Greensburg, Ind. — Without even glancing at the greasy menu, Luke Messer orders a plate of grits, two eggs (one over easy another over hard), a heaping side of bacon, and coffee (black). Then while wolfing down that complete breakfast and draining several refills, Messer launches into a roughly 15-minute introduction of his little hometown.
It was mostly autobiographical, sort of historical, and maybe a bit over the top. It’s just that the Indiana Republican running for Senate really wants everyone to know he lives here.
From our table by the big window at the front of Stories’ Restaurant in downtown Greensburg, Messer motions to the Decatur County Courthouse and points out the mulberry tree growing out of the roof of its tower. He remembers how the local American Legion sent him to Hoosier Boy’s State in 1986. And he proudly reminisces about playing middle linebacker in high school before joining the team about an hour southeast at Wabash University. In sum, he says, “my life story is 100 percent Hoosier.”
Messer is at once proud of Greensburg and cognizant of the consequences of his political geography. That’s because the conservative lives at two homes — one in Indiana and another in McLean, Va.
“Luke Messer doesn’t live in the state — I do,” GOP challenger Rep. Todd Rokita first said in July, kicking off what has become a sustained attack on the dual residency of his House colleague turned primary competitor. “I’m accountable to voters and taxpayers here. I live among them every week.”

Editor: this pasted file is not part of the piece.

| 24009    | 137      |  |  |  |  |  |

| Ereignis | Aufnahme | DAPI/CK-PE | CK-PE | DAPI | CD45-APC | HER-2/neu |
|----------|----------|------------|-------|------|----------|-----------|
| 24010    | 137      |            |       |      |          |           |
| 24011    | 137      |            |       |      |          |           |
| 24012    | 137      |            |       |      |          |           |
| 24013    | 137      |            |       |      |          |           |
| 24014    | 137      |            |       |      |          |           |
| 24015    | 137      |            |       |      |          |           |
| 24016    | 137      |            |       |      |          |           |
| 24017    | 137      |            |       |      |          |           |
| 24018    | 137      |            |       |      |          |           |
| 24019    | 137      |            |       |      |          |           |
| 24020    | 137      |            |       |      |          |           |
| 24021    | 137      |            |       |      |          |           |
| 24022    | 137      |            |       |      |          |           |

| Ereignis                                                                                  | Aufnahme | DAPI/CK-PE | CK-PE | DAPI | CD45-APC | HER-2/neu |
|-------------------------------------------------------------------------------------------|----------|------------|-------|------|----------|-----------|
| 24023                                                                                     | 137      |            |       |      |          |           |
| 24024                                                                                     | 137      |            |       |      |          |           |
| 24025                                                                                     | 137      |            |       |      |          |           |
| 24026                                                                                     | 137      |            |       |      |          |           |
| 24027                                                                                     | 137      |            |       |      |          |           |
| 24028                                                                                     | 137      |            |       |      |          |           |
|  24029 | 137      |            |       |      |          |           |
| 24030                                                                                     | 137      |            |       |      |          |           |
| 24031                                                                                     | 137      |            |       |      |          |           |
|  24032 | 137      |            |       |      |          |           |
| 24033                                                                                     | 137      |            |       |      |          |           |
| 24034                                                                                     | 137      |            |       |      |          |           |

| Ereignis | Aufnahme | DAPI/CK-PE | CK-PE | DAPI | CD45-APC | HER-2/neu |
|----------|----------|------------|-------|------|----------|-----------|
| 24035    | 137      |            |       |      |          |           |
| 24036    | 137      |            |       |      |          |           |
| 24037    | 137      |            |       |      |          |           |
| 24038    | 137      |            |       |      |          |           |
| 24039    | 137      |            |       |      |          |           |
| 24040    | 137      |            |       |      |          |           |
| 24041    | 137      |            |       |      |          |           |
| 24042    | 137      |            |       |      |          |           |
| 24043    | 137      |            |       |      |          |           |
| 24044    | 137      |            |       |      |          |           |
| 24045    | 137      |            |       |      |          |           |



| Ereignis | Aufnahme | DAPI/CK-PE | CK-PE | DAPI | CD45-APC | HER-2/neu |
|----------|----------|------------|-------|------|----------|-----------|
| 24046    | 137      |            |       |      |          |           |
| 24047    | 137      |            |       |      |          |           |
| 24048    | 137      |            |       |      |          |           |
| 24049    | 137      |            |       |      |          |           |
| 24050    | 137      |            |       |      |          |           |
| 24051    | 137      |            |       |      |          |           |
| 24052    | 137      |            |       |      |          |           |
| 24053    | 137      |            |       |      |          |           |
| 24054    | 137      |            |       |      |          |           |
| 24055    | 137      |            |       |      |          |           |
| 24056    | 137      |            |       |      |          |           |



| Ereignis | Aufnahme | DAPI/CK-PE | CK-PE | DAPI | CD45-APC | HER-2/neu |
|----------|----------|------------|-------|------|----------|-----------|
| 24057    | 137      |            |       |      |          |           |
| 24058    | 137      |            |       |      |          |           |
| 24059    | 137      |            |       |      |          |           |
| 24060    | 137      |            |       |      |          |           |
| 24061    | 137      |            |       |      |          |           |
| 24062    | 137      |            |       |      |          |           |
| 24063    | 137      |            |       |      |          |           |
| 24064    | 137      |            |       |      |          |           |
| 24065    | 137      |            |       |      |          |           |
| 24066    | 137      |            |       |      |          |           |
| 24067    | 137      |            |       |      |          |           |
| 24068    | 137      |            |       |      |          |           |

A sense of place is a powerful political force in Indiana. Anyone who doubts that isn’t from here and doesn’t remember recent history. When Evan Bayh tried to reclaim his Senate seat in 2016, voters slapped down the Democrat because the Hoosier State wasn’t really his home. Bayh had been bouncing between a beltway property, a sunny Florida beach house, and squat Indianapolis condo. He lost by 10 points.
Messer fears the same fate, but has a more plausible story. A father of three and the fifth-ranking House Republican as chair of the Policy and Steering Committee, he is long on responsibilities and short on time. “I am proud to serve our state, but being a dad comes first,” Messer said in a November statement defending his dual homestead. “My opponents think that’s gonna cost me this election. If it did, I’d never regret it.”
And when this reporter asked that Republican the same question three days after Christmas, Messer sort of rolls his eyes as if to say, "Haven’t we dealt with all this already?"
“Look man, I grew up in Greensburg with a single-parent family,” he says. “I wrote a children’s book about Indiana called Hoosier Heart and my wife illustrated it. Hoosiers are smart and they’ll see through all that.”
If a tour of the local fare is representative, the congressman isn’t wrong. Standing behind the lunch counter, restaurant owner Lewis Storie says Messer “is a good guy” who “was a regular customer before he got big, rich, and famous.” Lisa Sizemore, the owner of the Pizza King across town, said the same: "He and his brother come by all the time.”
Regardless, the residency issue will no doubt dog Messer until the May 8 primary. “I think that the negativity has helped our campaign,” he said, spinning the attacks. “We’ve gained a lot of momentum, because people are tired of the negative. They don’t want to see Republicans attacking Republicans.” With that, Messer finishes his breakfast, pushes aside his dishes, and starts talking policy.